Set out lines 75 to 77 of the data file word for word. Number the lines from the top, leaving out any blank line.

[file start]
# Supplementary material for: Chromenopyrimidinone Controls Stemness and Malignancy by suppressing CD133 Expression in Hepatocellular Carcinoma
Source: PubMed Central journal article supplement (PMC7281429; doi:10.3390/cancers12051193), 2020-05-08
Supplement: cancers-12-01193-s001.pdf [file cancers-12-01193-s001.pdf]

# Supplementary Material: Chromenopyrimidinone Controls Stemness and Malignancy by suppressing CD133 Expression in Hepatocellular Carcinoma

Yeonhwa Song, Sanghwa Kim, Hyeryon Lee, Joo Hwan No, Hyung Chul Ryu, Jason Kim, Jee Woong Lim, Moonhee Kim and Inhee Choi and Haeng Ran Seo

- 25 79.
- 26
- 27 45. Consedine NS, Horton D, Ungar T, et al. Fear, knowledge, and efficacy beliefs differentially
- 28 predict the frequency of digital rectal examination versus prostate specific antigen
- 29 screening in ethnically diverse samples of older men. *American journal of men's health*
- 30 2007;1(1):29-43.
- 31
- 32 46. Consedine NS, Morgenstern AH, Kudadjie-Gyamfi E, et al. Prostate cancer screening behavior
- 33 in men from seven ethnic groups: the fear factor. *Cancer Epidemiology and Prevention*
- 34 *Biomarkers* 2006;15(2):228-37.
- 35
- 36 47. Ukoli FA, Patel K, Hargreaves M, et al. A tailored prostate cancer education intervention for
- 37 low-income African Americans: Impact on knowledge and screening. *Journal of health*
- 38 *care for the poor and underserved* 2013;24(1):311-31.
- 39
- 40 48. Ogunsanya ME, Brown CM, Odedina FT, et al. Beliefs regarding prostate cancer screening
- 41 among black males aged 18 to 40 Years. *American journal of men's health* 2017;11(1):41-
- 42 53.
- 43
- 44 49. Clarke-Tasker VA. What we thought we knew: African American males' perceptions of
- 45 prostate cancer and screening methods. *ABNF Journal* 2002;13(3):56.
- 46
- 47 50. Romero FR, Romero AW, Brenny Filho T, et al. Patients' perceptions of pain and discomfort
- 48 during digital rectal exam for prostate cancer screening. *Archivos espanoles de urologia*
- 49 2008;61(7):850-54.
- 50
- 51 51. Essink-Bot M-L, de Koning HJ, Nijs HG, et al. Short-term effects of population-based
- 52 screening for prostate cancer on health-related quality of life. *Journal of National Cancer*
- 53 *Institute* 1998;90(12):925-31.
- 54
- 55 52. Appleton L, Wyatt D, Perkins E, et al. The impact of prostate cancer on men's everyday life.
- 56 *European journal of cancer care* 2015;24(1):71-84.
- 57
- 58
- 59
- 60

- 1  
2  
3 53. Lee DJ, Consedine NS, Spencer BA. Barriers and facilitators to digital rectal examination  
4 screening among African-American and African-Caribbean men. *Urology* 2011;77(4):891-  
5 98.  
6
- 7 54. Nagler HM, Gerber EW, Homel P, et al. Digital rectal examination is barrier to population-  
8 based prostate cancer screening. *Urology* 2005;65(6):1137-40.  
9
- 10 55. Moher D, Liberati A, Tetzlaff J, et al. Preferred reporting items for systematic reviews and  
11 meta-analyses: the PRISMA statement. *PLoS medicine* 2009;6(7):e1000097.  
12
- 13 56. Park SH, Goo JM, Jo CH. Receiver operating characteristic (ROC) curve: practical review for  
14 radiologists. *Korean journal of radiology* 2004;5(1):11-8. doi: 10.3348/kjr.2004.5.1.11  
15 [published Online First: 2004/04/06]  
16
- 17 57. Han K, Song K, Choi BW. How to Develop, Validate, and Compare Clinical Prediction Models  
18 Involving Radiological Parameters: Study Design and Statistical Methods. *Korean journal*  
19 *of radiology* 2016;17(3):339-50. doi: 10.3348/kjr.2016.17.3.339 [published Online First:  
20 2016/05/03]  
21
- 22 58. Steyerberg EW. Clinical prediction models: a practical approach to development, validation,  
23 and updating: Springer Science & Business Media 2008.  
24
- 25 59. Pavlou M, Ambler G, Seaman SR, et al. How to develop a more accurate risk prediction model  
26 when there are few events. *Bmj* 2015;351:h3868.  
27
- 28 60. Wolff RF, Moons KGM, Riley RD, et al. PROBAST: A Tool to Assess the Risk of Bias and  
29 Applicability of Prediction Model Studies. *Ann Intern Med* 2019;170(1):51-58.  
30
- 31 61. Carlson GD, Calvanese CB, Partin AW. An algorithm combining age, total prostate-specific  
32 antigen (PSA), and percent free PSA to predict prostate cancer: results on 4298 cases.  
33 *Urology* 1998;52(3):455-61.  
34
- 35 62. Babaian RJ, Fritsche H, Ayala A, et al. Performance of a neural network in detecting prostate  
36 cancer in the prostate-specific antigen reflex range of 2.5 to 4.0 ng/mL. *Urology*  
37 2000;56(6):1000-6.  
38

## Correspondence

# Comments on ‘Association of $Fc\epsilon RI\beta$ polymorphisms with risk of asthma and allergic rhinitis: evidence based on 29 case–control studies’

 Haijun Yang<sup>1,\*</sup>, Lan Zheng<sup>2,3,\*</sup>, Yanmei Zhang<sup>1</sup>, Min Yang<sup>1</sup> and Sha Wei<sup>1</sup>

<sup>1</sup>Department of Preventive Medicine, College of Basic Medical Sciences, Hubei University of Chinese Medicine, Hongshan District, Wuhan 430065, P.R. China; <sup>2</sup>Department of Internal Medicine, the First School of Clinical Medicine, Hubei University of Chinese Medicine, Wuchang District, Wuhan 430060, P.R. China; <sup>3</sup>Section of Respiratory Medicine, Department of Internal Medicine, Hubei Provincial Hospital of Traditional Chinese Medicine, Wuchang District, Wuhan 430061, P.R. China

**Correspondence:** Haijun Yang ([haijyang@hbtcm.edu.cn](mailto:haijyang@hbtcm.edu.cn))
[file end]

34
- 35 62. Babaian RJ, Fritsche H, Ayala A, et al. Performance of a neural network in detecting prostate  
36 cancer in the prostate-specific antigen reflex range of 2.5 to 4.0 ng/mL. *Urology*  